Piney Woods Forests
Bioregion: Southern Mixed Forests & Blackland Prairies (NA28)
Realm: Northern America
Ecoregion Size (1000 ha):
States: United States: LA, TX, AR, OK
The Piney Woods ecoregion occupies the West Gulf Coastal Plain and encompasses eastern Texas (including the “Big Thicket”) as well as western Louisiana, southwestern Arkansas, and a small portion of southeastern Oklahoma. It is separated from the Southeast US conifer savannas ecoregion by the Mississippi Alluvial Valley (the Mississippi Lowland Forests ecoregion).
These two ecoregions, along with the Mid-Atlantic US Coastal Savannas ecoregion, are the largest and most characteristic ecoregions of the North American Coastal Plain, which in 2016 was formally recognized by the Critical Ecosystem Partnership Fund as the 36th global biodiversity hotspot. Species richness (number of species) and endemism (proportion of species found nowhere else) are particularly high among plants, freshwater fish, amphibians, reptiles, and several invertebrate groups.
Similar to the Coastal Plain ecoregions to the east, the Piney Woods was distinguished by vast pine savannas and woodlands prior to European settlement. However, the generally hillier terrain produces somewhat longer fire intervals across most of the region than in the southeastern Coastal Plain; therefore tree density is generally higher, with often more hardwoods intermixed with the pines.
The climate of the Piney Woods ecoregion ranges from humid subtropical in the south to warm temperate further north. The western portion of the ecoregion is drier than the eastern portion. The geology shows a gradient from Pleistocene deposits of sands, silts, and clays in the south, to Miocene clays, mudstones, and sandstones in the central portion, to Eocene sands, silts, and clays in the northern portion.
The southern portion of the region has open longleaf pine savannas very similar to the communities in the southeastern Coastal Plain, with an extremely species-rich herb layer. Loblolly pine, however, is the most ubiquitous pine across the ecoregion, while shortleaf pine is abundant in the north. Pines in some areas are mixed with hardwoods such as several species of oaks, hickories, red maple, and sweetgum. The interaction of fire and soil moisture determines the structure and composition of the vegetation.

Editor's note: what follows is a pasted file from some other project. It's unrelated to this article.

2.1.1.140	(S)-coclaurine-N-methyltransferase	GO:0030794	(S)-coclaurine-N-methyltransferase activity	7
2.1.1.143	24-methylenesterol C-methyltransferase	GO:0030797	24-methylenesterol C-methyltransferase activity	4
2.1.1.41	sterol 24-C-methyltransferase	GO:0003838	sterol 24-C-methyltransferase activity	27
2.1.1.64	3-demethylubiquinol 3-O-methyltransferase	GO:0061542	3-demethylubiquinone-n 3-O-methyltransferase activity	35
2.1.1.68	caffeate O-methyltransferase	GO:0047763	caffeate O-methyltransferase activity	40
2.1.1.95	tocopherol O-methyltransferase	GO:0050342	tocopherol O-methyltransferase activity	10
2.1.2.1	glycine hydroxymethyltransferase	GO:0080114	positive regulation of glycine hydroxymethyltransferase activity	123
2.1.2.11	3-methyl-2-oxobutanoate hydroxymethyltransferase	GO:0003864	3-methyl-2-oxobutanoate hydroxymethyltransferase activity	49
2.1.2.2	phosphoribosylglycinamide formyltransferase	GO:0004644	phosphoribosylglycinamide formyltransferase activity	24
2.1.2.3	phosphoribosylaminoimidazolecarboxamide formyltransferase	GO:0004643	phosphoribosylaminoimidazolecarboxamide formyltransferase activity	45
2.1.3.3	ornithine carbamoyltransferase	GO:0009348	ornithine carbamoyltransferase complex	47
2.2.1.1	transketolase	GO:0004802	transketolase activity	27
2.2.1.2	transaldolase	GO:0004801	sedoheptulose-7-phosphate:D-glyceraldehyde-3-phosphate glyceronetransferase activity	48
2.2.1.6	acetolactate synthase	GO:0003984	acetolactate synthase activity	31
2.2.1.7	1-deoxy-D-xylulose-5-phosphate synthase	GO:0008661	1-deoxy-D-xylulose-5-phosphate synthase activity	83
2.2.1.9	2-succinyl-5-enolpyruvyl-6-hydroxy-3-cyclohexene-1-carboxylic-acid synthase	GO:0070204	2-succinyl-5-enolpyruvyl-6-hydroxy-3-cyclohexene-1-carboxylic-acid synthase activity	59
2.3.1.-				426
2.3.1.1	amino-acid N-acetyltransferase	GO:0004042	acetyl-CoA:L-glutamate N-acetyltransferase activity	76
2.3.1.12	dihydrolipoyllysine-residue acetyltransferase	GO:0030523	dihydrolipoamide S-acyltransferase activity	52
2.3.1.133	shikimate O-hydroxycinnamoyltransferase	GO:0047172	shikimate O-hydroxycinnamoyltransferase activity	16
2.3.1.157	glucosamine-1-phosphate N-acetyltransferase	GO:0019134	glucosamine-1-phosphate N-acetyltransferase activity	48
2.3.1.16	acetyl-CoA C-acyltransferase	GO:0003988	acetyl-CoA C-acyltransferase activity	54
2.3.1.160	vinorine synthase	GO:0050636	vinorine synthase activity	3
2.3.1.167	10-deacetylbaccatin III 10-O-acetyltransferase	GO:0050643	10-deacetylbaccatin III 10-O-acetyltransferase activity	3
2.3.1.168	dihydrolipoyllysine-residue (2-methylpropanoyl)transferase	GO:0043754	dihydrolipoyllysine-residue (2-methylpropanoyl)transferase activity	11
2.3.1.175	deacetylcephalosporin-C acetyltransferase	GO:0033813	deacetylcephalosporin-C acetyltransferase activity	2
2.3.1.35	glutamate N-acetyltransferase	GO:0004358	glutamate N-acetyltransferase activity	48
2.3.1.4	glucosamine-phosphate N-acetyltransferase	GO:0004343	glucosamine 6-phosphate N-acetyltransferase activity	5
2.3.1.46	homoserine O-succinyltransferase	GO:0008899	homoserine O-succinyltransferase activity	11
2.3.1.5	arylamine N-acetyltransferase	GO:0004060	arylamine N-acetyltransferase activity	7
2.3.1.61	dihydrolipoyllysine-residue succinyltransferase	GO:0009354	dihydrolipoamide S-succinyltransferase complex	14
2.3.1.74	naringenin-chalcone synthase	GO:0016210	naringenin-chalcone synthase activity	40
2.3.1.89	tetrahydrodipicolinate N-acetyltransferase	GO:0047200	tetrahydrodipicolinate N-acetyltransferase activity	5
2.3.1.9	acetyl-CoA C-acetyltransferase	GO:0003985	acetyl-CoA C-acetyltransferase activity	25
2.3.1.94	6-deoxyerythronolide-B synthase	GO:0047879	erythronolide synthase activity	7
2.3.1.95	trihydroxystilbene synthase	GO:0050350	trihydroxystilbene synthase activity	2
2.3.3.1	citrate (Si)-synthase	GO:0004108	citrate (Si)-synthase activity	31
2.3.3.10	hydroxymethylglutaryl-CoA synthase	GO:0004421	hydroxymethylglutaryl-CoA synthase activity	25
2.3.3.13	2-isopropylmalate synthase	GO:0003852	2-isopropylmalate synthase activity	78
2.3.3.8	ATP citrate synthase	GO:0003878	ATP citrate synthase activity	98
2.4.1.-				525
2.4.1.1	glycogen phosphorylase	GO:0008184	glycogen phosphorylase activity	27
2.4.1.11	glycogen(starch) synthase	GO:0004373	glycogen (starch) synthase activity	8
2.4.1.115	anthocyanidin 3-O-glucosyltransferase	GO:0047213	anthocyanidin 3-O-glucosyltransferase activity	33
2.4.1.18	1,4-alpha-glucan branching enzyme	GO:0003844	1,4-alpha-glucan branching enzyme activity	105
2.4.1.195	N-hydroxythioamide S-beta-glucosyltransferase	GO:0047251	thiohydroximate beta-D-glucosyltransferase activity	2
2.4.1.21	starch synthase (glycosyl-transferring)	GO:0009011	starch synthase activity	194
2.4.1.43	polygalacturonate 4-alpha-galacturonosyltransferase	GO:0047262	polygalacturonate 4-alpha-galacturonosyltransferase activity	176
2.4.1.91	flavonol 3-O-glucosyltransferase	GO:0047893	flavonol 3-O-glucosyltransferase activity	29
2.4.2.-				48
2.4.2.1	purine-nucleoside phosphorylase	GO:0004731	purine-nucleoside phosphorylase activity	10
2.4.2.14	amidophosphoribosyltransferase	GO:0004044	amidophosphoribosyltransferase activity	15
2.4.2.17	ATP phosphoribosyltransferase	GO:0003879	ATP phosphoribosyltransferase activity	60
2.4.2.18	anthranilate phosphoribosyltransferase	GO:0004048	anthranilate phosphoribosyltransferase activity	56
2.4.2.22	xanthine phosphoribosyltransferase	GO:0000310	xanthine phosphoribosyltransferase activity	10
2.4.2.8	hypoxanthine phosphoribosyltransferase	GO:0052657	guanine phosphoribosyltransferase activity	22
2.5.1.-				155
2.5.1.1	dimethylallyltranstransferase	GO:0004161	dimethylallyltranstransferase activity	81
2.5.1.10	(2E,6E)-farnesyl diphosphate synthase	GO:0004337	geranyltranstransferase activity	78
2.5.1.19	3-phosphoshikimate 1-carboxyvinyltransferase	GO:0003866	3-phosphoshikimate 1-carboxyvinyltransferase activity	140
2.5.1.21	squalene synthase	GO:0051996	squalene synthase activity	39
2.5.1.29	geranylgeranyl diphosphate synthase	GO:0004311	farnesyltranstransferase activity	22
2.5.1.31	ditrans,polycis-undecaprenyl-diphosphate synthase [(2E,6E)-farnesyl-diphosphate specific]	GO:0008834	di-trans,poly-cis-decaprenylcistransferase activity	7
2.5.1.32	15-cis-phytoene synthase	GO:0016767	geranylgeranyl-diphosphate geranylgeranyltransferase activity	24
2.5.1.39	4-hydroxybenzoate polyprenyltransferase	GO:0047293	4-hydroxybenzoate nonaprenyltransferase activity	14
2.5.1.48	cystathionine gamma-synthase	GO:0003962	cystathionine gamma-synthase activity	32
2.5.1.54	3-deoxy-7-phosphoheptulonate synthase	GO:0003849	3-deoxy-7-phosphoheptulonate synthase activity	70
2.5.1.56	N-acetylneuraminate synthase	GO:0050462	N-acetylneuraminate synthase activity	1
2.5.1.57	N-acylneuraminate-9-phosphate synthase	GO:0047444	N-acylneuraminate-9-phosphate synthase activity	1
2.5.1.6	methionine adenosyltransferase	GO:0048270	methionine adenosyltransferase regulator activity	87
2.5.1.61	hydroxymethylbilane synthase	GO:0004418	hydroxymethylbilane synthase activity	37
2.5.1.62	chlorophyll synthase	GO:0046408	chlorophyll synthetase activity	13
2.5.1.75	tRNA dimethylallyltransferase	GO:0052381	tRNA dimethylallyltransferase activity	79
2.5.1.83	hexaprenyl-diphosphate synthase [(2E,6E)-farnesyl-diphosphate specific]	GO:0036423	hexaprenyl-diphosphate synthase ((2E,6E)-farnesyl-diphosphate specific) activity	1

Other major natural communities include bottomland forests and bald cypress-tupelo swamps along rivers and beech-magnolia forests on ravine slopes and bottoms, especially on soils with high clay content in the southern portion of the ecoregion. Oak-dominated hardwood forests occur on sandier fire-protected sites.
Many of the rare and endemic plant species of this ecoregion occur in non-forest communities, including rocky outcrops, calcareous glades and prairies, Catahoula sandstone barrens, hillside seepage bogs, and saline barrens. The latter community is considered critically imperiled globally. Characteristic wildlife of the region includes the federally Endangered red-cockaded woodpecker in longleaf pine savannas, black bear, American alligators, and many others.
Habitat loss in this ecoregion has been extensive, but not as severe as in the southeastern Coastal Plain. Although only 3% of the ecoregion is protected, 21% of the natural habitat remains outside of protected areas. Across the Coastal Plain as a whole, 86% of the vegetation is highly altered or converted, including 73% of forests, 96% of savannas and woodlands, and 98% of grasslands, marshes, and glades.
Many species, including endemics found nowhere else in the world, are on the brink of extinction. Human population growth rates are high in portions of the region, especially in the vicinity of Houston, leading to massive urbanization and habitat destruction.
Priority conservation actions for the next decade are to: 1) create strong incentives for population stabilization, especially through reduced immigration to the region, which is responsible for the vast majority of population growth; 2) greatly increase federal, state, and local acquisition of conservation lands; and 3) improve management of existing conservation lands, especially with respect to management of fire and water.
1. Poole, J.M., W.R. Carr, D.M. Price, and J.R. Singhurst. 2007. Rare Plants of Texas. Texas A&M University Press, College Station.
2. Sorrie, B.A., and A.S. Weakley. 2001. Coastal Plain plant endemics: phytogeographic patterns. Castanea 66:50-82.
3. Ricketts, T.H. et al. 1999. Terrestrial Ecoregions of North America: A Conservation Assessment. Island Press, Washington, D.C.